I'm reading The Hard Thing About Hard Things which is excellent. Part of what makes the book unusually good is that it draws a lot from Ben Horowitz's personal experience launching and running a series of companies before becoming a VC. And he's very honest, focusing often on the decisions made when things were not going so well, or in other words the times when he was a 'wartime' CEO. These kinds of leaders, says Ben, don't need the typical kind of management books that 'focus on how to do things correctly, so you don't screw up,' but instead on 'what you need to do after you have screwed up'. And...'the good news is, I have plenty of experience at that and so does every other CEO'. It is, says Ben, the ability to spot the next move during the struggle that separates the winners and losers.
I noticed that Shane Parrish had pulled out a passage that I'd also highlighted in the book. It deals with a time whilst Ben was CEO of his software business Opsware. Believing a lot in training his managers, he had set clear expectations whilst personally training them about the need to meet regularly with each of your team members. The discovery that one of the managers in the company had not met with any of his team members for six months led him to have something of a crisis of confidence about how well he was communicating his expectations, until he realised that whilst he had told the team what to do, he had not been clear about why he wanted them to do it.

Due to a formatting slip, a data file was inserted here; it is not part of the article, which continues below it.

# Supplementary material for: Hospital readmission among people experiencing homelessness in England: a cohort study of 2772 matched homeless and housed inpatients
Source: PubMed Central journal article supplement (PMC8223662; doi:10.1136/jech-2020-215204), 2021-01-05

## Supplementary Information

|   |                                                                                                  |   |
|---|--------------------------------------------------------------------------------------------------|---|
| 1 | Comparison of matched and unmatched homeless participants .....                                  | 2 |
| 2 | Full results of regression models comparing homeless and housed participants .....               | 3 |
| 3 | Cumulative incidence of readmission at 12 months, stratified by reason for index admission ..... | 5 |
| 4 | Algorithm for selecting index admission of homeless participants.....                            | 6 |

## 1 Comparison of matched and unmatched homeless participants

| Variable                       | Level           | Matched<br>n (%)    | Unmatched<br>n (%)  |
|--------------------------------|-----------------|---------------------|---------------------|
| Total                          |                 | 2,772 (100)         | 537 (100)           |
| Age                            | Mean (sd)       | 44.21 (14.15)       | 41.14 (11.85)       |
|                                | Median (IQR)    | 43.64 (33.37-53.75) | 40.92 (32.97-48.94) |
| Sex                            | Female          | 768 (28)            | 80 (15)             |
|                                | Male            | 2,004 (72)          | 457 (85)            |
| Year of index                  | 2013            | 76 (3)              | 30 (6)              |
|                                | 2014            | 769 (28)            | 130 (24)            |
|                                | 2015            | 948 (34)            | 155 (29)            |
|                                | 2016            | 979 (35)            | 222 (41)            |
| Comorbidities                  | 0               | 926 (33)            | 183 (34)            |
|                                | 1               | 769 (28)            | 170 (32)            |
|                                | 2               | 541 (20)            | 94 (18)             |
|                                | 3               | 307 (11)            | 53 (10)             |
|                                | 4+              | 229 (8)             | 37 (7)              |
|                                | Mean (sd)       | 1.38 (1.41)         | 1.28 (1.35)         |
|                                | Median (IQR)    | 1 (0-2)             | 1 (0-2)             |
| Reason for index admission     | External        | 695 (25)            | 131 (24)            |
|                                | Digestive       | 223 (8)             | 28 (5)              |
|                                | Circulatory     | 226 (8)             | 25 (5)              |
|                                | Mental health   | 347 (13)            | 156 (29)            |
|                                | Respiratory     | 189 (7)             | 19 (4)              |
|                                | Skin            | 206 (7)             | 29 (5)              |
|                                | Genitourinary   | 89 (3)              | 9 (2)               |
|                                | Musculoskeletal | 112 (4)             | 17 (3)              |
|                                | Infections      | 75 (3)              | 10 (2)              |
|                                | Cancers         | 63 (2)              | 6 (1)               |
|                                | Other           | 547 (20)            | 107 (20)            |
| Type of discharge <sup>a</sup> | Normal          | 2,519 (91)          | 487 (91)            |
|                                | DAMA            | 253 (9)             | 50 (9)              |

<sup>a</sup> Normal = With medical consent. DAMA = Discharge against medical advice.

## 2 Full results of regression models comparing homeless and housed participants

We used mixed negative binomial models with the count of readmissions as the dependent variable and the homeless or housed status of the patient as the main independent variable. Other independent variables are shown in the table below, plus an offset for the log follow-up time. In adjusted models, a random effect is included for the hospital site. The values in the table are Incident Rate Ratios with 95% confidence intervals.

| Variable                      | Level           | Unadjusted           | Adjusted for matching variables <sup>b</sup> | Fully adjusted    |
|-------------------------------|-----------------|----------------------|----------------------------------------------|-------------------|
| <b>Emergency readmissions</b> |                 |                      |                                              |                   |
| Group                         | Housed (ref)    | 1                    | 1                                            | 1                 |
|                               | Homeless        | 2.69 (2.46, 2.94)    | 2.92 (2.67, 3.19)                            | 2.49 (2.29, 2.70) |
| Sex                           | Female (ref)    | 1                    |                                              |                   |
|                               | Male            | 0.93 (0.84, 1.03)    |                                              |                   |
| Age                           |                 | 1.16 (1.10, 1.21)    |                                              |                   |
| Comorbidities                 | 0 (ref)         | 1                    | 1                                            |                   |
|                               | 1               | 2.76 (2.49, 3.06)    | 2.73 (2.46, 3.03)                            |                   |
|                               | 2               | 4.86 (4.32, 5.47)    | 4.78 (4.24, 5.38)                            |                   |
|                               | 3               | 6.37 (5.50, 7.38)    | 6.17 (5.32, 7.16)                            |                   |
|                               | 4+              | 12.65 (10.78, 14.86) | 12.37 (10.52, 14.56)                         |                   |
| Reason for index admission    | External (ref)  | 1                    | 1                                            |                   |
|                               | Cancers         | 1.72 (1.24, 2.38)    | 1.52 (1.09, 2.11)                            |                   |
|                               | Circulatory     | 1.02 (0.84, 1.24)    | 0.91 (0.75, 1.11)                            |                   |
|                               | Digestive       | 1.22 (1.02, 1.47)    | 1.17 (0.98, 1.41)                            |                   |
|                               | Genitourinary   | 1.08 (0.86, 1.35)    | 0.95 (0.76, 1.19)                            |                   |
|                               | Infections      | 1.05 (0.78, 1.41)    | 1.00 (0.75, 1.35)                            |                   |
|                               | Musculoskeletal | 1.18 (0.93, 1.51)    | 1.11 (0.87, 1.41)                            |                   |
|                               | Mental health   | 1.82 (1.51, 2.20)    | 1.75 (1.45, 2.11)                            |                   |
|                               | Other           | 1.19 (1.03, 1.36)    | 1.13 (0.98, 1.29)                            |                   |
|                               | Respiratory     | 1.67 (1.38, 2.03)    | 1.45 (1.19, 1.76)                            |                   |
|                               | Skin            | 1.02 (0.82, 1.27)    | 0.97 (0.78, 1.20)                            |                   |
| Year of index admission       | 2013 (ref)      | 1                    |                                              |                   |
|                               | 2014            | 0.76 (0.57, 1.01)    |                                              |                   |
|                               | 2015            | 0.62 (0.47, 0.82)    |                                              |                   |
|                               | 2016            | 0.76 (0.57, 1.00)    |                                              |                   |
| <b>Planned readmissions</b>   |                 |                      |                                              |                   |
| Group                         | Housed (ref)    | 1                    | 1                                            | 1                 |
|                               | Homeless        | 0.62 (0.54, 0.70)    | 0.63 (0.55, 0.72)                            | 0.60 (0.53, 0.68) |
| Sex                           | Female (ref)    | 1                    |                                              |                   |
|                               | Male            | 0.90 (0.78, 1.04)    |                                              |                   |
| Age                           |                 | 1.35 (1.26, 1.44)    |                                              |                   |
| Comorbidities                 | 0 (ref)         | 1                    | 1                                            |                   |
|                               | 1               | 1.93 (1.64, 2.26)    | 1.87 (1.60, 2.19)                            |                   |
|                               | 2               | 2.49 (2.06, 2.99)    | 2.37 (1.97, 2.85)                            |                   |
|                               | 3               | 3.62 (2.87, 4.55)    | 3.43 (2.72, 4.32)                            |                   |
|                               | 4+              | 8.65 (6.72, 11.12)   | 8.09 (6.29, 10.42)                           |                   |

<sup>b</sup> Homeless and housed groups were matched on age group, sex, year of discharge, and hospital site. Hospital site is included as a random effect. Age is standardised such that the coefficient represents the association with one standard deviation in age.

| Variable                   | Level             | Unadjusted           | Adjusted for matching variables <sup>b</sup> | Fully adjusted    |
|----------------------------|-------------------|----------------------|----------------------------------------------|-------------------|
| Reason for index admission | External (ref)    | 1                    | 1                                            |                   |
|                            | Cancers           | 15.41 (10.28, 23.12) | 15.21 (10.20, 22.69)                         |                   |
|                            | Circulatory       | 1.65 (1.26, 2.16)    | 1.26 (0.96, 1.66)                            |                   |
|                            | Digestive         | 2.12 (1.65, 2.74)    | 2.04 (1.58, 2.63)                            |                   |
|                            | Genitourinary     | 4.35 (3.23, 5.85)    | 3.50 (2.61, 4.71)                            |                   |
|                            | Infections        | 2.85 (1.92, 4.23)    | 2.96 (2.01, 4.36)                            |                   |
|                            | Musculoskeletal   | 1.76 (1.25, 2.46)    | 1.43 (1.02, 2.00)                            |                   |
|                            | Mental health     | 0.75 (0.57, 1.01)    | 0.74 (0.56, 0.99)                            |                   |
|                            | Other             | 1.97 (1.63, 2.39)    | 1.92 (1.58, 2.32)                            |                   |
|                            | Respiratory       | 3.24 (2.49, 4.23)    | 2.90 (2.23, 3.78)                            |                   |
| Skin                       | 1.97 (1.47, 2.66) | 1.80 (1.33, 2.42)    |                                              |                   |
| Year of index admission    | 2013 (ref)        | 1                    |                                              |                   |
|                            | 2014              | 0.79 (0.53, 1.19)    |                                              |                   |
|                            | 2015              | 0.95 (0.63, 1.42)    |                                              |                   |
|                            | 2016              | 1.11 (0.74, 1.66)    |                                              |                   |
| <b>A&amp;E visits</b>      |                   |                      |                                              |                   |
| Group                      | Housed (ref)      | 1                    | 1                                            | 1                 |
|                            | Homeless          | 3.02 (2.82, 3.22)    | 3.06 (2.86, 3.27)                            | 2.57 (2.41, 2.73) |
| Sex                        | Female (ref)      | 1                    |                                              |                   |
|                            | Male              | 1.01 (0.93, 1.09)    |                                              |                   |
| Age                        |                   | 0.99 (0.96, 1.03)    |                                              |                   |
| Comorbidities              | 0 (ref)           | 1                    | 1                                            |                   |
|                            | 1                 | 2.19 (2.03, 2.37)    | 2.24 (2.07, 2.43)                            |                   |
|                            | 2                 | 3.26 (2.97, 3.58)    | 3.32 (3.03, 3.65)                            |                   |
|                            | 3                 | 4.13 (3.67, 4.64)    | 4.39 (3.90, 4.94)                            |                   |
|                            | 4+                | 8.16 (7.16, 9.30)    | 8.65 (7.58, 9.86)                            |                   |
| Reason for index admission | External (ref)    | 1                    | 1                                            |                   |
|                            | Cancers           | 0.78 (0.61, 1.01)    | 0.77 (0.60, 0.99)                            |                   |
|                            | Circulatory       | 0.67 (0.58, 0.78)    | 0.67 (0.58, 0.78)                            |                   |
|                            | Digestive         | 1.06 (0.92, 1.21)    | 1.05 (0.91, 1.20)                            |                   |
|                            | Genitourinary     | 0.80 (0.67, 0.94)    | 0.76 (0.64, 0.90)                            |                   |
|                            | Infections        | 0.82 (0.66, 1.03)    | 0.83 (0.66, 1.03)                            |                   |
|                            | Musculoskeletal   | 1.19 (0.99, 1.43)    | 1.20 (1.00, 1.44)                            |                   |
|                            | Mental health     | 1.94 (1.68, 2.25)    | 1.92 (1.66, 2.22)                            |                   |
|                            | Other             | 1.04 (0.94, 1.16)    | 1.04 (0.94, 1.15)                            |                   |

Calling the offending manager's boss into his office, Ben explained that the reason he was motivated to come to work was because it was personally very important to him to build a good company:
'Let me break it down for you. In good organizations, people can focus on their work and have confidence that if they get their work done, good things will happen for both the company and them personally. It is a true pleasure to work in an organization such as this. Every person can wake up knowing that the work they do will be efficient, effective, and make a difference for the organization and themselves. These things make their jobs both motivating and fulfilling.
In a poor organization, on the other hand, people spend much of their time fighting organizational boundaries, infighting, and broken processes. They are not even clear on what their jobs are, so there is no way to know if they are getting the job done or not. In the miracle case that they work ridiculous hours and get the job done, they have no idea what it means for the company or their careers. To make it all much worse and rub salt in the wound, when they finally work up the courage to tell management how fucked-up their situation is, management denies there is a problem, then defends the status quo, then ignores the problem.'
Worth reading what Ben says next, but I think that description is very apposite.